Ryan Finnie

SSL certificates and DNS CAA

Late last year, I converted all of my web sites to SSL with Let’s Encrypt. Since then, I’ve made sure other SSL-enabled services have proper trusted certificates, such as my mail server and XMPP server. Historically, those types of services, when SSL enabled, tended to be self-signed certificates. For example, while MX mail servers on the Internet often are TLS enabled, trust is almost never checked or enforced because it is assumed few people or organizations would pay extra money for a non-web service. And in the cases of IMAP, XMPP, etc, the end user will often just click “accept and ignore” once and that’ll be the end of that. Trust chains were largely relegated to the web, but since Let’s Encrypt makes this free and relatively easy, I can see that changing.

It’s been more than 3 months, so I’m also happy to say my automated processes for renewing certs worked without a hitch. One of the only annoyances about Let’s Encrypt is the certificates are only valid for 3 months, so you need to rely on automated renewal and installation of the updated certificates.

My web sites are now secure and trusted, but what’s to stop a certificate authority from issuing an SSL certificate for, say, finnie.org without my permission? A few things, actually. At the very least, CAs perform Domain Validation (DV), usually involving giving the requestor a token to place on the web site or in DNS. This lets the CA know that the person requesting the certificate at least has access to the web site or DNS for a domain. Other methods (usually at a higher cost) include Organization Validation (OV) and/or Extended Validation (EV, the “green bar” certificates), which involves the CA doing more manual investigation than DV. Make sure the domain is really an asset of the organization, make sure the person is a member of the organization and is authorized to request on behalf of the organization, etc.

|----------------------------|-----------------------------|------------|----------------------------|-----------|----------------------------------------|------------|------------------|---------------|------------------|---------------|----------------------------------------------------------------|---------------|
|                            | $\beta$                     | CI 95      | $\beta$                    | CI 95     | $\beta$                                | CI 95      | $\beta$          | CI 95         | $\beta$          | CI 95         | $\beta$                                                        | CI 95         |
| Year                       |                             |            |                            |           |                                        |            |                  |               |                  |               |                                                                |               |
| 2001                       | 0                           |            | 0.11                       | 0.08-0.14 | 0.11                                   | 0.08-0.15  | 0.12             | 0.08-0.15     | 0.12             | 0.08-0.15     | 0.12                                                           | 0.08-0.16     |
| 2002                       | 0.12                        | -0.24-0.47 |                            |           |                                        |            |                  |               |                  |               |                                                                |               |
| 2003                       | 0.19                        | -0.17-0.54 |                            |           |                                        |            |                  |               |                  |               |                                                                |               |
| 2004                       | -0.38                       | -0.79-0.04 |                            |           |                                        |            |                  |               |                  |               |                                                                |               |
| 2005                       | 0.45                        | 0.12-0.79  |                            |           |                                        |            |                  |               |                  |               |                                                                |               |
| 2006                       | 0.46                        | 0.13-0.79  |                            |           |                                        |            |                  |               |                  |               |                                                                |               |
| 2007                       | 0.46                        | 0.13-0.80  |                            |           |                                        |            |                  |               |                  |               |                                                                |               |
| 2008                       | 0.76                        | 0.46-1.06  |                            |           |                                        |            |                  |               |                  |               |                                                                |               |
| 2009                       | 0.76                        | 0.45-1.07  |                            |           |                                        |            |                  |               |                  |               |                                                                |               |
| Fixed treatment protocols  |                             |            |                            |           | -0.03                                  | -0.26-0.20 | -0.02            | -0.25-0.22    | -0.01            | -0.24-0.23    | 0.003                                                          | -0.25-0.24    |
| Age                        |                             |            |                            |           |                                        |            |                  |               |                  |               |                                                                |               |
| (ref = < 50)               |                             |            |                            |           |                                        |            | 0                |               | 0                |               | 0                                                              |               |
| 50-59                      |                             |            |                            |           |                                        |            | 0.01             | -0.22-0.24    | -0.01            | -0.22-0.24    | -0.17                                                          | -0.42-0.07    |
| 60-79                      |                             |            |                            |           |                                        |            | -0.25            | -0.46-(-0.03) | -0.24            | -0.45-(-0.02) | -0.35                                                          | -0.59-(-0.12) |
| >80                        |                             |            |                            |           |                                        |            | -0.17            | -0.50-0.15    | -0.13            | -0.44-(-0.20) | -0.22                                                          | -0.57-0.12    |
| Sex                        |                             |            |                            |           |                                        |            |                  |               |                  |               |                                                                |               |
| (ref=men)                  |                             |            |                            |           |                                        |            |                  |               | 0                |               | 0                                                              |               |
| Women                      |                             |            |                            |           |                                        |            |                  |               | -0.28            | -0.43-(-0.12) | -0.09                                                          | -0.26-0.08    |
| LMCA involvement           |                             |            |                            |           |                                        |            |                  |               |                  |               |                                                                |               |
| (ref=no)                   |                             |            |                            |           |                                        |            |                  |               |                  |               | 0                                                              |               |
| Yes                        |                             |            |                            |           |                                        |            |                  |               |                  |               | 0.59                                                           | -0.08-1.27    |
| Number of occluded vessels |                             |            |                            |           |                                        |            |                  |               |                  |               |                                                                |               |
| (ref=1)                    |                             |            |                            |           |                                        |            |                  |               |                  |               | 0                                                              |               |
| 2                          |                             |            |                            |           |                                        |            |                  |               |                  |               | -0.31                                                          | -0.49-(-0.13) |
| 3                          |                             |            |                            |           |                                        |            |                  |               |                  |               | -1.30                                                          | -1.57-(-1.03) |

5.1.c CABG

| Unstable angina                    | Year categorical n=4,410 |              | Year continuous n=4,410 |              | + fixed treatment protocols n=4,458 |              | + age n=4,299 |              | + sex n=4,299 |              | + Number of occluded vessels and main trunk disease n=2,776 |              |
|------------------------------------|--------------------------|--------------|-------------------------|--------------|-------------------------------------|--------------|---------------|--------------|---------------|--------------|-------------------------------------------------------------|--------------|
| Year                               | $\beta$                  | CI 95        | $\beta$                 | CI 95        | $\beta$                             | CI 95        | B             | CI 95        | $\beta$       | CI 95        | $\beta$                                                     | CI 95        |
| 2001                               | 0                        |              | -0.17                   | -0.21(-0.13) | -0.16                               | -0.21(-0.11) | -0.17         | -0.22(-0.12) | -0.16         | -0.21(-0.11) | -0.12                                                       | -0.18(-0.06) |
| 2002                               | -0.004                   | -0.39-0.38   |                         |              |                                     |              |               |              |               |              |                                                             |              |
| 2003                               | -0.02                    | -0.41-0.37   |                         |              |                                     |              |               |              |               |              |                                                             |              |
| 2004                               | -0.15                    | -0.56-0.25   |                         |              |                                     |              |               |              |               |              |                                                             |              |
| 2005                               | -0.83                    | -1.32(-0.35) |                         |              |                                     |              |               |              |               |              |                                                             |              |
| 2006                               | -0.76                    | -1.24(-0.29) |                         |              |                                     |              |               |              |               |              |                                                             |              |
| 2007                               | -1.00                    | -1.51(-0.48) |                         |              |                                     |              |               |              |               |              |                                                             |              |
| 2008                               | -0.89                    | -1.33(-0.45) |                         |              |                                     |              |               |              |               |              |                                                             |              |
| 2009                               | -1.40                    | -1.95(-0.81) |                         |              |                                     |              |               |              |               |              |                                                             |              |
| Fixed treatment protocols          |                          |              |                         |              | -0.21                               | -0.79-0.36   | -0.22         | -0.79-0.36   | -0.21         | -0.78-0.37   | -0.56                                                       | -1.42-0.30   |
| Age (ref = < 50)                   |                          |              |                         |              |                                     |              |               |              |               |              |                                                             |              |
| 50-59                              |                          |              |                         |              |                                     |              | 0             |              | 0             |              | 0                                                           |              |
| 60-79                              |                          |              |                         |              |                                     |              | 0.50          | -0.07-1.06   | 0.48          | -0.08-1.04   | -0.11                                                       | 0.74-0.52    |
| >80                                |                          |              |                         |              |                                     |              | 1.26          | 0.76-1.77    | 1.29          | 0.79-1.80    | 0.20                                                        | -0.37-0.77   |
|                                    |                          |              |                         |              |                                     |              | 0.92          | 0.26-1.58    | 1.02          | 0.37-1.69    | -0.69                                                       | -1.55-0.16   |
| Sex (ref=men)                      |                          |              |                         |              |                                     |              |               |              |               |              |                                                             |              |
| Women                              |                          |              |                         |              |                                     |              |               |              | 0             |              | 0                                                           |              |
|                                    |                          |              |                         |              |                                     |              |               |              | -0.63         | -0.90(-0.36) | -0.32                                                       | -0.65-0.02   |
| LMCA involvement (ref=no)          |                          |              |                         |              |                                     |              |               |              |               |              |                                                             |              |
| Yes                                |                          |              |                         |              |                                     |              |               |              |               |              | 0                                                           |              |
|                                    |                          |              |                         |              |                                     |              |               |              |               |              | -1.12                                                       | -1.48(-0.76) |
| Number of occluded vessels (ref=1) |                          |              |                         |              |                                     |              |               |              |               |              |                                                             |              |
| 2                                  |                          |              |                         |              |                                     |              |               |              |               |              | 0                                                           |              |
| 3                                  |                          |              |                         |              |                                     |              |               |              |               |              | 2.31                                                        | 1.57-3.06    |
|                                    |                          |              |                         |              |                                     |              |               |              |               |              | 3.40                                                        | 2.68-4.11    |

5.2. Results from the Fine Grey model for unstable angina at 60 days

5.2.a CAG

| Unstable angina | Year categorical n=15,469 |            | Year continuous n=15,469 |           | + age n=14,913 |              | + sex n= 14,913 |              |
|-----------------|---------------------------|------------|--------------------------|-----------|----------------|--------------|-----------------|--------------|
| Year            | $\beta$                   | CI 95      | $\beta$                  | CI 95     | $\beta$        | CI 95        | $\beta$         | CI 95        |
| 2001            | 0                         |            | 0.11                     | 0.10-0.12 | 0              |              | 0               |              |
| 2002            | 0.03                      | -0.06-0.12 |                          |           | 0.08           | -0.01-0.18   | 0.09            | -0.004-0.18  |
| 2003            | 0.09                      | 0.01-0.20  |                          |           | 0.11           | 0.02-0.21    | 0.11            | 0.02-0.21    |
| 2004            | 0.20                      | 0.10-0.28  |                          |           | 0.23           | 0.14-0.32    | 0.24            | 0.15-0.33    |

So there are a number of procedures to place trust in the certification path, but most rely on the procedures of the CA itself. This compliance is kept in check by the cabal of browser vendors (Firefox, Google, Microsoft, Apple) which require auditing and compliance in exchange for including the CA’s certificate in the browser’s trusted root store. And having your root certificate removed is essentially a mark of death (see WoSign/StartCom’s woes last year which led to their roots being distrusted by all the major browser vendors, and Symantec’s in-progress woes with Google), so in theory, the CAs are motivated to keep honest.

But there is one layer of assurance you can add yourself, a new DNS record called Certification Authority Authorization, or CAA. I’ve added CAA records to all of my domains, and they look like so:

finnie.org.  3600  IN CAA  0 issue "letsencrypt.org"
finnie.org.  3600  IN CAA  0 issuewild "letsencrypt.org"